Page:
On 17 April 2010 the Trust applied for New Zealand trade mark application 822685 KOHA for computer software.  Its attempt to secure trade mark protection was unsuccessful.  The application lapsed on 12 October 2011.

The Trust, and by extension the Council, is associated with a loosely defined group known as the "Koha community".  The Committee rules define Koha Community, Koha Software and Koha Project.  You can find out more on the site http://koha-community.org/.


According to its company profile, LibLime was founded in 2005.  In 2007 it acquired the KOHA division of Katipo Communications Limited.  Katipo, according to LibLime, originally created Koha for the Horowhenua Library Trust in New Zealand.  In 2008 LibLime closed its New Zealand office, providing support for its customers in that region through its US operations.  In March 2010 it was acquired by Progressive Technology Federal Systems (PTFS).  Check out http://www.koha.org/ for more details of LibLime.
On 15 February 2010 PTFS/LibLime filed New Zealand trade mark application 819644 KOHA for computer software.  The Intellectual Property Office of New Zealand (IPONZ) approved the trade mark for registration on 8 November 2011.  There is now a three month opposition period that started on 25 November 2011 during which interested parties can challenge registration.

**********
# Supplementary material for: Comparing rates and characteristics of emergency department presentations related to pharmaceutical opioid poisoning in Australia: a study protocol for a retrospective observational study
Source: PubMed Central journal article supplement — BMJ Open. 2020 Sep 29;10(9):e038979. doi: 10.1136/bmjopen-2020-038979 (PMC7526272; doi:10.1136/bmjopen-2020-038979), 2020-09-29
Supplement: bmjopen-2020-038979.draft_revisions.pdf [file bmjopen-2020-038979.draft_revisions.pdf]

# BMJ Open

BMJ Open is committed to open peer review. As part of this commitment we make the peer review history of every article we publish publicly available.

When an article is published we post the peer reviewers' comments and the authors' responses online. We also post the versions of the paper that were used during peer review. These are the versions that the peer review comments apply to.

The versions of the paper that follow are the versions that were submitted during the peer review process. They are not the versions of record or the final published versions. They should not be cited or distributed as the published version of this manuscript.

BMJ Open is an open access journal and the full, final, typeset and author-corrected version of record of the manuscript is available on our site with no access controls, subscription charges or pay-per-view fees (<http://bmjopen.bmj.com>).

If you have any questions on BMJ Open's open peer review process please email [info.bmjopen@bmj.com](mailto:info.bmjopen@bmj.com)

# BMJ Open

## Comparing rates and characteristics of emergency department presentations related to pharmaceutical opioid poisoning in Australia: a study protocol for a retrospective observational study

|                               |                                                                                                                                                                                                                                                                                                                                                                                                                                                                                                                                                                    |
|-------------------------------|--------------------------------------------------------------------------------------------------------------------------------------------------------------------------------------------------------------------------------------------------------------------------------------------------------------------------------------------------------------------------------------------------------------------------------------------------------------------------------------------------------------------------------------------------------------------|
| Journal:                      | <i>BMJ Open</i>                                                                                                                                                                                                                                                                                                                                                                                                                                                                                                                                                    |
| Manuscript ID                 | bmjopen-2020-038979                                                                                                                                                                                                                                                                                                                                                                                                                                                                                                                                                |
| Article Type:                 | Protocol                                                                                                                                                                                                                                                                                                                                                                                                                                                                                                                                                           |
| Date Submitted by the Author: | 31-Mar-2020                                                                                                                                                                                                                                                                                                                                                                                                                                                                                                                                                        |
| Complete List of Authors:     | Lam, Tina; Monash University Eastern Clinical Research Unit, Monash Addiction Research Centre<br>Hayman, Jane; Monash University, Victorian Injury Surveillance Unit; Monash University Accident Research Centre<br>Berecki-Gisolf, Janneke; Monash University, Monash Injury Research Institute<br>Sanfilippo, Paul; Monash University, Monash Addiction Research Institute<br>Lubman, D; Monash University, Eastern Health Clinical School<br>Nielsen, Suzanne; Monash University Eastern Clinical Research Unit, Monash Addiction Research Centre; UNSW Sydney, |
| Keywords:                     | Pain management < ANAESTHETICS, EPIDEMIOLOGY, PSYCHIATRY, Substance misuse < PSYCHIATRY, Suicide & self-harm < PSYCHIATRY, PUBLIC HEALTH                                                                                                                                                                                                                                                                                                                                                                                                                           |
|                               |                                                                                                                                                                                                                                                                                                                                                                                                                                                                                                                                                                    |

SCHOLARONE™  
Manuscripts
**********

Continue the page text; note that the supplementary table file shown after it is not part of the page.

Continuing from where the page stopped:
On 23 November 2011 PTFS/LibLime issued a press release stating that:
"Another one of the assets acquired in the purchase of LibLime was an application for the trademark of the term Koha as it applies to ILS software in New Zealand. That application has now been accepted. PTFS/LibLime will hold that trademark in trust as well, and will not enforce it in order to insure that no individual, organization, or company will be prohibited from promoting their services around Koha in New Zealand.